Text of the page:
PART II: Gender Inclusion
A common refrain we hear when we talk about gender inclusion on campus goes, “If they don’t like it, they can go somewhere else!”
This is our university’s problem. Students are choosing to attend other universities instead of MUW. And who is choosing not to attend our university might surprise you.
When we look at the Unduplicated Headcount for the last 30 years we see the male enrollment has remained stagnant, only shifting 50-100 students either direction since 1989. We should make it clear, it’s not good to see enrollment in a segment of students is unchanged since the late 80s.
However, looking at female enrollment at the university over the same period, we see something else entirely. Our female student population is falling.
We can’t reiterate this enough: Female enrollment at Mississippi University for Women has been in a steady decline for three decades.
If you follow national trends for single-gender institutions and perceived single-gender institutions, this isn’t a surprise to you. In the 1960s there were 298 women’s colleges. Today, that number is fewer than 50, and many of those have coeducational graduate programs and male day students to bolster enrollment.
20% of the schools
we were compared to in 2008
no longer exist.
In 2008, when the university last considered a name change, our consulting group identified 45 colleges and universities that were either all-female or perceived as all-female. Back then, the headline was that each of these schools was private except The W. Fourteen years later, the headline is different. One in five of the perceived single-gender institutions researchers compared our university to in 2008 have either closed, merged with another university, or listed as “likely to perish”.
Why do we use the term “perceived single-gender institutions”? Much like MUW, many of the colleges still thought of as “all-girls schools” have gone co-educational.
National research shows only 3% of college-age women want to attend a single-gender college. And 0% of men believe they can attend a perceived all-girls college. With about 1 in 5 students on our campus being men, those interested in an all-girls college experience would quickly realize we couldn’t provide one.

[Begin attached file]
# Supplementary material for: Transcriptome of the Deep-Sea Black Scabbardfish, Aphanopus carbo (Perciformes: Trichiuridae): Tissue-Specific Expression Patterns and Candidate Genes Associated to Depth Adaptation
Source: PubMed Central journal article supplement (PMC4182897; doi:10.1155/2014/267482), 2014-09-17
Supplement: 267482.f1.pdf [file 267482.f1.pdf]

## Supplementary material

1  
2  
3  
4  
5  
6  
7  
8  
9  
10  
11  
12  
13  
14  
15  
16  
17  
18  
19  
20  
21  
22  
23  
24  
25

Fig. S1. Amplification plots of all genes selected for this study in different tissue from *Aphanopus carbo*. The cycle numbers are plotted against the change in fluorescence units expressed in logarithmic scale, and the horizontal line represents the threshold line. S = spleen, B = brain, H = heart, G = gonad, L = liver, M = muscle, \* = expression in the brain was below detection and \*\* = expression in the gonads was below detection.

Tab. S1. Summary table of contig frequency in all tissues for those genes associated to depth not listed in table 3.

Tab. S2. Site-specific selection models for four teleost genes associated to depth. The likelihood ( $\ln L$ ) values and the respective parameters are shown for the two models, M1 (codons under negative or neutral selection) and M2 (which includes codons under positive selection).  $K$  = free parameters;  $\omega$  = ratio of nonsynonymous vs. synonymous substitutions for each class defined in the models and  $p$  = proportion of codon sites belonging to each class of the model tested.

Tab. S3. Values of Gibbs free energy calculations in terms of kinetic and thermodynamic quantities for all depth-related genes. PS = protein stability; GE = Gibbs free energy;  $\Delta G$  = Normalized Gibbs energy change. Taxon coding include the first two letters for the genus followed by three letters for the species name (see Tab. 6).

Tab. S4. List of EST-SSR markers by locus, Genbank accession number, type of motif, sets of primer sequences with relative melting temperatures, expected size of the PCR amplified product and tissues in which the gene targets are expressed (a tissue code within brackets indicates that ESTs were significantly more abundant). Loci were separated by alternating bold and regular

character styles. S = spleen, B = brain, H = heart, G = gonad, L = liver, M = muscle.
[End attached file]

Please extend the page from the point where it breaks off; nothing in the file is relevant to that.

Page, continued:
ARTICLE: A Place for Women's Colleges PDF: 2009 Eduventures Report
Our university commissioned a survey of prospective students. The study showed 50% of prospective students in the state of Mississippi believed MUW to be an all-women’s university. Among students outside the state, this number jumped to almost 80% of all prospective students.
Our own records show only 4% of Mississippi high school seniors taking the ACT listed MUW among their top six college choices. Of all Mississippi prospective students—male or female—96% express no interest in the Mississippi University for Women brand.
The MUW Brand Carries a Legal Hindrance
Did you know the name of Mississippi University for Women has been legally challenged in federal court? No, we’re not talking about that case. Most people know about Hogan v. Mississippi University for Women. It’s a landmark legal decision that ended up being used to help women enroll in previously all-male institutions. Fewer people know about Washington v. Mississippi University for Women.
While Hogan challenged the university policies on admitting men, Washington stated that the name of the institution itself discriminated against men. The university agreed to a consent decree in 1991 which requires the university to include specific wording on all recruiting and marketing materials to state explicitly that the university is co-educational. To this day, by law, we can not mention Mississippi University for Women on recruitment brochures with also including “coeducational since 1982”.
A long time coming
Still fewer realize the university’s discussions about gender inclusion on campus date well before the 1982 Supreme Court decision. In the 1970s, before the last time we changed our name, President Charles Hogarth identified the single-gender identity of MSCW as a factor hindering growth. In 1971, Hogarth surveyed students on three possibilities: keep the college all-female, admit men in a limited capacity as day-students, or become fully coeducational. We know the results of the survey. The university wouldn’t admit men until mandated to do so a decade later.
What the Hogarth Coeducational Survey does show is the university has considered the single-gender identity a hindrance to growth for at least the last 50 years.
Since the 1970s, we’ve seen the issue of gender inclusion raised once per decade: The Hogarth Survey in 1971; the Supreme Court decision in 1982; the Consent Decree in 1991; the Reneau Naming Attempt in 2008; a long and painful dispute with some alumnae, ending in 2012; and today’s consideration at the request of the Dean’s Council.
Each time, the university knew the name and single-gender identity of the institution were a hindrance to growth. Over the last fifty years the university's enrollment slowed then began to decline.